In the meantime, the government is party to a NEDLAC agreement with COSATU and Business and speaks of a National Jobs Initiative. The NEDLAC agreement takes the form of voluntary commitments on the part of the bosses and the state to use the CCMA in retrenchment negotiations, for greater investment and for 'buying South African'.
But there is no process for the enforcement of any agreement. Worse, the agreement seeks funding from provident funds – essentially workers' money – whilst retaining a commitment to restore faith in capital markets, which caused the problems in the first place.
Why has the response been so modest?
The conventional view is that South Africa's financial institutions have been relatively protected from global speculation in debt. Only they would know how true this actually is.
A more nuanced view is that South Africa's insertion in the capitalist world, with all the unevenness that that implies, has actually benefited sections of capital at a time of crisis.
Sections of South African capital – mining, telecommunications, retail and tourism – have scored well with investments in Africa. Such investment in commodities has enjoyed the benefits of China’s continued growth and demand for commodities. But, more importantly, the US' crisis – its debt and the fragility of the dollar - have meant a shift in investment to gold as a hedge and to bonds and currencies backed by high interest rates and high degrees of tradeability, like the rand.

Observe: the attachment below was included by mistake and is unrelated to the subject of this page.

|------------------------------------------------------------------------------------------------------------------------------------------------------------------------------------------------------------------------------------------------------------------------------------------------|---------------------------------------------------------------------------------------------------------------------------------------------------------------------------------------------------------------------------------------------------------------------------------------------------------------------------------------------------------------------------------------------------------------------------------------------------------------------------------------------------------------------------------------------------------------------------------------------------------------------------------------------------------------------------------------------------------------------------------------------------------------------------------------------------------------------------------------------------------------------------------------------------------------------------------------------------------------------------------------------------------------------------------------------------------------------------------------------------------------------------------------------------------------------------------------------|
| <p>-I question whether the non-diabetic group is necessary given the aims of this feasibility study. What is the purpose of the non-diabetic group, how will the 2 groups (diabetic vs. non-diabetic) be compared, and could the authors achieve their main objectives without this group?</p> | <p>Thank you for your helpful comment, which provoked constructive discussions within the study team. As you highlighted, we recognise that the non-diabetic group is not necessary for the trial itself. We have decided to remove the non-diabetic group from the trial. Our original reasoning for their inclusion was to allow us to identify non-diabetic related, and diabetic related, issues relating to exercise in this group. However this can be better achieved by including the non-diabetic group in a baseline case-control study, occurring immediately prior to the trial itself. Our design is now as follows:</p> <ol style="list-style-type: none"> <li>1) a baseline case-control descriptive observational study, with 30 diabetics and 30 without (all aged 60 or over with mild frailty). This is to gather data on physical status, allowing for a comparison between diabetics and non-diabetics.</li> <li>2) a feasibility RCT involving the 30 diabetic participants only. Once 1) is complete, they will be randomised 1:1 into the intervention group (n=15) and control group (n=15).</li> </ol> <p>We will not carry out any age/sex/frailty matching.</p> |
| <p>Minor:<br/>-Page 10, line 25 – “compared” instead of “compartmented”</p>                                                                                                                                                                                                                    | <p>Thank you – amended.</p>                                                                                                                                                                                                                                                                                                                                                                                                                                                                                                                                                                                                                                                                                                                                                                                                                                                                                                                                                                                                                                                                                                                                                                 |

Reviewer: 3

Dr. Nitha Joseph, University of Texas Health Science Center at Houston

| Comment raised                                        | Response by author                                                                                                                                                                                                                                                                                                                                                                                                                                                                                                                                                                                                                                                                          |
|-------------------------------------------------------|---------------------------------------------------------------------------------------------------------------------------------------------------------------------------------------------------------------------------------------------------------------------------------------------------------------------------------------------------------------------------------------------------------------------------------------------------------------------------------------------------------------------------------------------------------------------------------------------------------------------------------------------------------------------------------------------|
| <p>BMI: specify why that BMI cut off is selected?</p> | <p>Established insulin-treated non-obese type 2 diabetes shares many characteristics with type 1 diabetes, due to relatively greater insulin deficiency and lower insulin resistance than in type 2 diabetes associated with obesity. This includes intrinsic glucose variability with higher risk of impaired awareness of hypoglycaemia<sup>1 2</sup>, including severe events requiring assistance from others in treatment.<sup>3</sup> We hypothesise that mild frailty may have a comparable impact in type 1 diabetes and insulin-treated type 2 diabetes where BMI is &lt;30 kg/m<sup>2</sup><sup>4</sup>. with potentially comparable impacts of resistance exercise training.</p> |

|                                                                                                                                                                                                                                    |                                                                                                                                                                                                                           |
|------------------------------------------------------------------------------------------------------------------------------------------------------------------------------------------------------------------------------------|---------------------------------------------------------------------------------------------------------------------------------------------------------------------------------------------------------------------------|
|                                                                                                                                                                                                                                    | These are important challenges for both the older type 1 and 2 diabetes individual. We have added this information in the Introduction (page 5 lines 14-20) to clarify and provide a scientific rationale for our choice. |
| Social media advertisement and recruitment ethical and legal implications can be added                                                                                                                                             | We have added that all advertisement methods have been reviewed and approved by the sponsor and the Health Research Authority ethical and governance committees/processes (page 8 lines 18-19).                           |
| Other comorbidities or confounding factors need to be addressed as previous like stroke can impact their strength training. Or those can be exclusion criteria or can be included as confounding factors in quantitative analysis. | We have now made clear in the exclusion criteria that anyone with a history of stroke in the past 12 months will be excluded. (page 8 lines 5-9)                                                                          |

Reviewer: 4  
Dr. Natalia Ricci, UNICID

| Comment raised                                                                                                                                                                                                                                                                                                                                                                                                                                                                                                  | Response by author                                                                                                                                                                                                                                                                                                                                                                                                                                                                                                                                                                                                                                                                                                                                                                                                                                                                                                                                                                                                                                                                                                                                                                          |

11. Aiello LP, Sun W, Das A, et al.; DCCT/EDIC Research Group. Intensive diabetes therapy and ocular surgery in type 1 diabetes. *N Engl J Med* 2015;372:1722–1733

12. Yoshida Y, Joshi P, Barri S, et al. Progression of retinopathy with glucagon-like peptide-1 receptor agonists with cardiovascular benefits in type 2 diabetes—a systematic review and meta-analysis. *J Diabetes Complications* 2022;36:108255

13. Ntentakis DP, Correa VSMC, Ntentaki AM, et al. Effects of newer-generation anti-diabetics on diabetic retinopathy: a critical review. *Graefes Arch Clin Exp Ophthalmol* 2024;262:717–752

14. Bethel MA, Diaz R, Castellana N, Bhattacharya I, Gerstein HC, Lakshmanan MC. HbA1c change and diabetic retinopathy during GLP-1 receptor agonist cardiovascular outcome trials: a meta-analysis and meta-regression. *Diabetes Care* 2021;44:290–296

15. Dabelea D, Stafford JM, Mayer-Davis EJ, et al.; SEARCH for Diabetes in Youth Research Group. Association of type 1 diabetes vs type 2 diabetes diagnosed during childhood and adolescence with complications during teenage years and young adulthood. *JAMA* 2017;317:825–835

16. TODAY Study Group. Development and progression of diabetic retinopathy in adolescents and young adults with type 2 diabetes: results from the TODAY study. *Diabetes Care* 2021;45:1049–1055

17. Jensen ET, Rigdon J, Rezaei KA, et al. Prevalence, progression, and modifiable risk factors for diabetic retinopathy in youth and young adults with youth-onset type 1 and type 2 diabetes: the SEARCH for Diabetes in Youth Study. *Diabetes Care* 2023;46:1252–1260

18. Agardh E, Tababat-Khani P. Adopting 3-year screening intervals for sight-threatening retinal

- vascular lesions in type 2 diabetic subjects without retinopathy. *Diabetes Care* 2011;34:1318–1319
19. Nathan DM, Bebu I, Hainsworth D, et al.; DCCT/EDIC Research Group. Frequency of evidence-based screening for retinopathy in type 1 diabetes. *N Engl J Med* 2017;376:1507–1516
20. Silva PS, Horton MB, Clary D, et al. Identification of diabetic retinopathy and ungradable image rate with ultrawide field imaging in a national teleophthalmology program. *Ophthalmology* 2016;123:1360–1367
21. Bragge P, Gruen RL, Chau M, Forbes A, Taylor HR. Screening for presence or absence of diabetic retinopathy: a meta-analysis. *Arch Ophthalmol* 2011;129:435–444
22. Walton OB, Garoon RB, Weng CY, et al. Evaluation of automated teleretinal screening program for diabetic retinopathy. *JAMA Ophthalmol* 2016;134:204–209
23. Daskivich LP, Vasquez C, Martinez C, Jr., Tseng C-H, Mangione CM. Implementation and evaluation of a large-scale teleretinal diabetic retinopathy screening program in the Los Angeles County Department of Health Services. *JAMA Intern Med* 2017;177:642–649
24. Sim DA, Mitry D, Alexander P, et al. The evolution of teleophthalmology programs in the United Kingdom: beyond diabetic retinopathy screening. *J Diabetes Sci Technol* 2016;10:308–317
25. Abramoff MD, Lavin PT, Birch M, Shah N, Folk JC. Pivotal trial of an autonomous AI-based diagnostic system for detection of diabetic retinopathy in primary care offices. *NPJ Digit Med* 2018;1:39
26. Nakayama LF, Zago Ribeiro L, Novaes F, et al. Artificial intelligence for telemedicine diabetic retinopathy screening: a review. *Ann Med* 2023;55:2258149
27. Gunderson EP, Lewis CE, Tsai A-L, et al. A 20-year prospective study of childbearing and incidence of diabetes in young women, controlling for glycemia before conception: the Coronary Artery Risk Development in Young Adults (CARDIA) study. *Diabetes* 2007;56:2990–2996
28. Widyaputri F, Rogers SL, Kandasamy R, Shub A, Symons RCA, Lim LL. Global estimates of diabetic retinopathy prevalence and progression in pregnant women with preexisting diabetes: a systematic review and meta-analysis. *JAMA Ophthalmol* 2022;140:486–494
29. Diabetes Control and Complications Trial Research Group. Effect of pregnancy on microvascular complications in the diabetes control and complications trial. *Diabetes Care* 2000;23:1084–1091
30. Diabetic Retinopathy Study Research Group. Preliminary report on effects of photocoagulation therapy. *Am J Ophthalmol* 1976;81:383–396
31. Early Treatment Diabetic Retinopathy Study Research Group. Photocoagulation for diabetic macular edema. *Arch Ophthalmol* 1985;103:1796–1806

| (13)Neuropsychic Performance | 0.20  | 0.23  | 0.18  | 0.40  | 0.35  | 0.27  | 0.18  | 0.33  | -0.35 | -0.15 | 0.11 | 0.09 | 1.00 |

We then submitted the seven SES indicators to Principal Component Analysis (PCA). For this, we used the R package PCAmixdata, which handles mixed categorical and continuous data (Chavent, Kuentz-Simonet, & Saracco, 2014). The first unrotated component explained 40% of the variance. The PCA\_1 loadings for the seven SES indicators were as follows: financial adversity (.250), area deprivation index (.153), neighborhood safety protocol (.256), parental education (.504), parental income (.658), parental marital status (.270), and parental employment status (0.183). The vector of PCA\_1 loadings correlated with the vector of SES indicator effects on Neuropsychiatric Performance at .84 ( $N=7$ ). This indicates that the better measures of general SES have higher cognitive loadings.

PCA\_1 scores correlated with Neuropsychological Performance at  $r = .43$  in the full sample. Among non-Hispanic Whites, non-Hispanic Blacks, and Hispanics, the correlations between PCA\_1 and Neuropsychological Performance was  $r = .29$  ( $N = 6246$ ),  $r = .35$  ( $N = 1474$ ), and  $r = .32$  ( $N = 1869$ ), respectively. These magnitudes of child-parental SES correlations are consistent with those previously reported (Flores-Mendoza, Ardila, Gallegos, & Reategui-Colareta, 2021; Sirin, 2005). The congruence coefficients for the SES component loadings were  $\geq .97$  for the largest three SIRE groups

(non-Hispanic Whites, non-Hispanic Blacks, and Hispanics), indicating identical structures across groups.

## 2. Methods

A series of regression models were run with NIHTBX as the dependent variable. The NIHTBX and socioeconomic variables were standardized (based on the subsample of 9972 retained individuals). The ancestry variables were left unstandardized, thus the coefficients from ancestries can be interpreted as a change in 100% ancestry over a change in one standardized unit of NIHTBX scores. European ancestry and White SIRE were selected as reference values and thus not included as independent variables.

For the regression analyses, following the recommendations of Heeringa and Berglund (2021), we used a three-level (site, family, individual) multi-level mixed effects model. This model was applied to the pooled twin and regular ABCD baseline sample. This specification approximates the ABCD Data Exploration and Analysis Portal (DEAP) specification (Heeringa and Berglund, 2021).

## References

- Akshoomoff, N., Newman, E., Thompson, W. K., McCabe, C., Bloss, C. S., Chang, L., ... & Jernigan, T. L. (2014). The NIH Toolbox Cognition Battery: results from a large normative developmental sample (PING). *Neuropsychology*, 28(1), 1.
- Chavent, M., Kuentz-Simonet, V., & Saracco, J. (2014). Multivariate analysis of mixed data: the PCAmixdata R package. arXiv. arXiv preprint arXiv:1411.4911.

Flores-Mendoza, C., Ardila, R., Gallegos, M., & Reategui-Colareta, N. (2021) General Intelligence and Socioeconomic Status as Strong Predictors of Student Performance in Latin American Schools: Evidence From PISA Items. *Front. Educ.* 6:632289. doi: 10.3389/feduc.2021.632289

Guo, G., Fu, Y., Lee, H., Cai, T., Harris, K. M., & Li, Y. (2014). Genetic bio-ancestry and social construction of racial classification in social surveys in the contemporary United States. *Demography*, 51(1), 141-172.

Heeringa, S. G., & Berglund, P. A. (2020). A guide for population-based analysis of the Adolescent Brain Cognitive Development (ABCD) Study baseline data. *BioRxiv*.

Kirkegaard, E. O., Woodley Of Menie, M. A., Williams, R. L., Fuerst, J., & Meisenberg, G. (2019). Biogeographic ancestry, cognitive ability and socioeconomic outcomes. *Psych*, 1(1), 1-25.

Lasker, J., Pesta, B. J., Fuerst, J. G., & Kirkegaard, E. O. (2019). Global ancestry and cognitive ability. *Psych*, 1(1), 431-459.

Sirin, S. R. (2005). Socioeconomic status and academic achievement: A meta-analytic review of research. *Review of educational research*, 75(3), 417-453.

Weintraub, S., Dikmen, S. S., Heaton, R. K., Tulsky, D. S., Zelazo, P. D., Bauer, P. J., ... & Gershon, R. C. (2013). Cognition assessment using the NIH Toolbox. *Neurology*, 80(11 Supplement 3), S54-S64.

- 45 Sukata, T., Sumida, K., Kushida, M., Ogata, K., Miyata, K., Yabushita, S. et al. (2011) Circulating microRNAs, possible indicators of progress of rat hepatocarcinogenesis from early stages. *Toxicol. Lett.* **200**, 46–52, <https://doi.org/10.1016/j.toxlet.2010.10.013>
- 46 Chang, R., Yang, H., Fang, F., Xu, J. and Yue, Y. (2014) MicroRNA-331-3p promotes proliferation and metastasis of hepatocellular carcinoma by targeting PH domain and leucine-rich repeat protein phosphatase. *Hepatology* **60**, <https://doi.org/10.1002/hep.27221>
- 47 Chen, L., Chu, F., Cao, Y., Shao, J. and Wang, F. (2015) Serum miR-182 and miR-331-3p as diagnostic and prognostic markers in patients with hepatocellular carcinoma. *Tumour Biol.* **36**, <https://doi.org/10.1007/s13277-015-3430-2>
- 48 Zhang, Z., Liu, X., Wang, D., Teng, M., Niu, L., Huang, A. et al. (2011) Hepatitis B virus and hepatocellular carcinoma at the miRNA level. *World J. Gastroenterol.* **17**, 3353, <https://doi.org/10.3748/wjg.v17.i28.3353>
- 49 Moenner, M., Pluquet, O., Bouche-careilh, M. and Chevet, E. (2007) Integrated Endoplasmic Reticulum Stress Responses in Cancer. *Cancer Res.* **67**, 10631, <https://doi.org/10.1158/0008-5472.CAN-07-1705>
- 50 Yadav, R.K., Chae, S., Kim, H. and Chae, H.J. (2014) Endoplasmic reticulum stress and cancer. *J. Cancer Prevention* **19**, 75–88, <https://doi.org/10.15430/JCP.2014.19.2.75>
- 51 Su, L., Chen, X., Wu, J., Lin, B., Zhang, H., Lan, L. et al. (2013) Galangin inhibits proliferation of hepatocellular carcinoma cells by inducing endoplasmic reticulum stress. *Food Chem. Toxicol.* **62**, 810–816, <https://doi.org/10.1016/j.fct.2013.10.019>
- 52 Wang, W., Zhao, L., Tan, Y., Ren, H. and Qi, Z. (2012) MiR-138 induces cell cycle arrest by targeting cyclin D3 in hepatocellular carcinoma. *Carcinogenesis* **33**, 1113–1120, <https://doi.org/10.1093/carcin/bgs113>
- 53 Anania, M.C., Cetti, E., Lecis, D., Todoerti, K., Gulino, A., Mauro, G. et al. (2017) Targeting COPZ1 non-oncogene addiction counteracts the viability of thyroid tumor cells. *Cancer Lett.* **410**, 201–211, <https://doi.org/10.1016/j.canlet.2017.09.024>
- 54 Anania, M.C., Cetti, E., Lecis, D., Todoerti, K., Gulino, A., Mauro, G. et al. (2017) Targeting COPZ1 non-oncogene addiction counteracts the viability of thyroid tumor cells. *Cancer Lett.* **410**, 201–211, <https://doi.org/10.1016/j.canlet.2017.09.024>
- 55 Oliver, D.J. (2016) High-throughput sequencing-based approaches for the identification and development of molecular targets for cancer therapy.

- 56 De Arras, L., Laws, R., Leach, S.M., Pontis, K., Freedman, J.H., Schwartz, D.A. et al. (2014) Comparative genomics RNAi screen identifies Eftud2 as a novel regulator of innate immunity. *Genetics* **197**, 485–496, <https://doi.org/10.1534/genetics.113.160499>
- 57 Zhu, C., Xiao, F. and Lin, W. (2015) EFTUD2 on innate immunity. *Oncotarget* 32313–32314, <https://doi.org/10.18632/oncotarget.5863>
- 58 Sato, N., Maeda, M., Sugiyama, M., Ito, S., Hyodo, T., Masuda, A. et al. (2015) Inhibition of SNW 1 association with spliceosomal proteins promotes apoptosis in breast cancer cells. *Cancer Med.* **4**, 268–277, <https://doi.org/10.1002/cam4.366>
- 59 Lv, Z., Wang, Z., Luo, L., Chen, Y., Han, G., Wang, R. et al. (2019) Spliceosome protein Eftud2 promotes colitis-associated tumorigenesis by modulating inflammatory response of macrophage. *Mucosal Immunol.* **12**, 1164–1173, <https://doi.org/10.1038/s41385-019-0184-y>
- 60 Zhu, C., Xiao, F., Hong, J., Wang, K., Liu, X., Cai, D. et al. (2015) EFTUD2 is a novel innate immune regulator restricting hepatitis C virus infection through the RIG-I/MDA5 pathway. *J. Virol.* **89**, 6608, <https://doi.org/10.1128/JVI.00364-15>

So, the South African state's responses are about making it possible for the state’s main clients, the financiers, to score from South Africa's insertion in the world, the financialised nature of big capital and the current conjuncture.
Keeping high interest rates and not printing money makes sense; having fewer exchange controls and a stronger rand makes sense; even if it makes other sectors of capital non-viable, because it is consistent with the state carrying out its responsibilities to what has become the financialised "commanding heights" of the South African economy.
This article was first published online here: http://sacsis.org.za/site/article/399.1